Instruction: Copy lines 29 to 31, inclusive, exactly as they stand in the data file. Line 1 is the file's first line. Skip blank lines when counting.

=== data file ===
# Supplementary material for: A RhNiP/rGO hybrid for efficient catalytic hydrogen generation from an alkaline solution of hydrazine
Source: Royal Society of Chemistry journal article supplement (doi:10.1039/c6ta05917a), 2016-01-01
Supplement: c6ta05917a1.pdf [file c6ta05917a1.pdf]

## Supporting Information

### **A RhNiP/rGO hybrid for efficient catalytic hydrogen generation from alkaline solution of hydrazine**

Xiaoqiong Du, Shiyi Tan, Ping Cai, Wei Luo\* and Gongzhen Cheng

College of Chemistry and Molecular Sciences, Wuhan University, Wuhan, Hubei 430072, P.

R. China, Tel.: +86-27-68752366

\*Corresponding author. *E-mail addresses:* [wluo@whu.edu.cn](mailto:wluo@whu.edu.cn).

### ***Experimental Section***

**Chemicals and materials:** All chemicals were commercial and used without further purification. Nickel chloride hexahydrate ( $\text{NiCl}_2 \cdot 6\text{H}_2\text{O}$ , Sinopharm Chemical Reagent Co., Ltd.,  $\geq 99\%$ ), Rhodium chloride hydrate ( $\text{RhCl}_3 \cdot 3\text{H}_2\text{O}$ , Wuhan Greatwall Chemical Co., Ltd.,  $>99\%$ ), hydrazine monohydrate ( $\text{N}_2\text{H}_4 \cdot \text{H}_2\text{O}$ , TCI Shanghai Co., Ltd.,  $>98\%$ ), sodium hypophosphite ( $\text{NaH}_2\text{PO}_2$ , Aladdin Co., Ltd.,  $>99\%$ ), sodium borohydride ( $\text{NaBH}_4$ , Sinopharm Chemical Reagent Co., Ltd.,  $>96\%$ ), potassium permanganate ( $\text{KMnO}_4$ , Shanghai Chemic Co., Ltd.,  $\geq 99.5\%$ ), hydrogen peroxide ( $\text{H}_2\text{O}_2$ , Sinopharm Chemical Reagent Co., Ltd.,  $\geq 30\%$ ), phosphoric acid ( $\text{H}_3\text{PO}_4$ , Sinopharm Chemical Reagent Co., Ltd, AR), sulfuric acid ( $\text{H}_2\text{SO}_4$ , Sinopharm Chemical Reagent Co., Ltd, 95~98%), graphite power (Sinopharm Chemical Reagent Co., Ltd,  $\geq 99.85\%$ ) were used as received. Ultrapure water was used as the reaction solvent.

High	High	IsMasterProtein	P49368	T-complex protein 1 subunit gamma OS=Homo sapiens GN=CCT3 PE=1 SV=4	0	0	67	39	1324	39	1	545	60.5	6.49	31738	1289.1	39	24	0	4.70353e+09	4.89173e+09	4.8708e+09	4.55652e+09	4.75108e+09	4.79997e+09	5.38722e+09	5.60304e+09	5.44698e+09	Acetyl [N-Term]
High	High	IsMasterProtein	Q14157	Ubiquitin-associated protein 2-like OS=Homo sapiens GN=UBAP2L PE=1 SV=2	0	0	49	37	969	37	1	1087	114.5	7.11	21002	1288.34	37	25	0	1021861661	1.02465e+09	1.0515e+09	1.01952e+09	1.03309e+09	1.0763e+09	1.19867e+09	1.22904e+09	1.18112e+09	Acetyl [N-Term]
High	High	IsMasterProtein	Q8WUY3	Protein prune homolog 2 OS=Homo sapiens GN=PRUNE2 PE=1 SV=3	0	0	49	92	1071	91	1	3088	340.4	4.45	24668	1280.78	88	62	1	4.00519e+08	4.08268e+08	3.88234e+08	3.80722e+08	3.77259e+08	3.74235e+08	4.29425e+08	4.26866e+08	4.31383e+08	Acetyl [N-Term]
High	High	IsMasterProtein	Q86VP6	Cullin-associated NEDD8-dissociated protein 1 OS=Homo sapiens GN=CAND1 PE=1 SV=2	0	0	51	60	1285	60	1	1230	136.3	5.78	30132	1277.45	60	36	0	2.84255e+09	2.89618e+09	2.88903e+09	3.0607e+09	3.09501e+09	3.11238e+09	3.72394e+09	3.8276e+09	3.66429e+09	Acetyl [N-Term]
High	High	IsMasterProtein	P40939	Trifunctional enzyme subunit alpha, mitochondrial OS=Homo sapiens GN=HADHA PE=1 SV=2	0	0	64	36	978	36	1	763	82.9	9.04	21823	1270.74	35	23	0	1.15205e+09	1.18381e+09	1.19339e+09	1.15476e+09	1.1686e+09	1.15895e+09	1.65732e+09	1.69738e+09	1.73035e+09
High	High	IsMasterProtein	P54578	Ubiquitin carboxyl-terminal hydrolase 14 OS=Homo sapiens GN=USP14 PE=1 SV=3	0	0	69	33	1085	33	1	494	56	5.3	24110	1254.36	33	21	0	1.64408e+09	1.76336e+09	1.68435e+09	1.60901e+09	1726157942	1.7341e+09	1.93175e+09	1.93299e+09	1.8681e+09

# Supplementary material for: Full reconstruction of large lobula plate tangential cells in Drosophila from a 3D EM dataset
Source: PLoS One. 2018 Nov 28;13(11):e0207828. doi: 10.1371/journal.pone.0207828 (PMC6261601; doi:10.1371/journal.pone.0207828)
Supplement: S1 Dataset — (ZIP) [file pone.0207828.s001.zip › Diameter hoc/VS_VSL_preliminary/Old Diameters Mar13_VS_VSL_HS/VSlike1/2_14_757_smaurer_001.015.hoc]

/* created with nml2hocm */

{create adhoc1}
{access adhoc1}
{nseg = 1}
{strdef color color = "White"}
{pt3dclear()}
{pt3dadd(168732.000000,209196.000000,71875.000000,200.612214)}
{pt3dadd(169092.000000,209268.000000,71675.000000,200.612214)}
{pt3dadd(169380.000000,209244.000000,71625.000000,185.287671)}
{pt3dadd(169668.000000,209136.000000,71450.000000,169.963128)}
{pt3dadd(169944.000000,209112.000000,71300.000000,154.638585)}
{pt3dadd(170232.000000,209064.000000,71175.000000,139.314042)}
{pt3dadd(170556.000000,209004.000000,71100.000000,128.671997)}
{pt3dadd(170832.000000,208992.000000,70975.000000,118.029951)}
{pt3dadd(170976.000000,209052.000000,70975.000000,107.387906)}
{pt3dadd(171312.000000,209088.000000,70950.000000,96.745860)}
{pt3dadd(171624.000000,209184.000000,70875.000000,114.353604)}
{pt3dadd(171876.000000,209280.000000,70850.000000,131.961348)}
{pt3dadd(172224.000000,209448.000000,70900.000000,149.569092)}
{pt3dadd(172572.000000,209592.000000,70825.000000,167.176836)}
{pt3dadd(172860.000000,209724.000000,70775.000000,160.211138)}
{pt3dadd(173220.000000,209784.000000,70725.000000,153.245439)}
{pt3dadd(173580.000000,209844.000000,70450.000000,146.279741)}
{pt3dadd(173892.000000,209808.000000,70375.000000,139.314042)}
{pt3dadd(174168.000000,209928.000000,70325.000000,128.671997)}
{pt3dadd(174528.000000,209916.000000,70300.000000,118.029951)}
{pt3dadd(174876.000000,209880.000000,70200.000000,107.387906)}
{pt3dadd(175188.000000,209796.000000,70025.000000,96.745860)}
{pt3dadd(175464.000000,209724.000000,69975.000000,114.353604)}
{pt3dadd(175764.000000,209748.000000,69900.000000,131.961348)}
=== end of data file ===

{pt3dadd(169380.000000,209244.000000,71625.000000,185.287671)}
{pt3dadd(169668.000000,209136.000000,71450.000000,169.963128)}
{pt3dadd(169944.000000,209112.000000,71300.000000,154.638585)}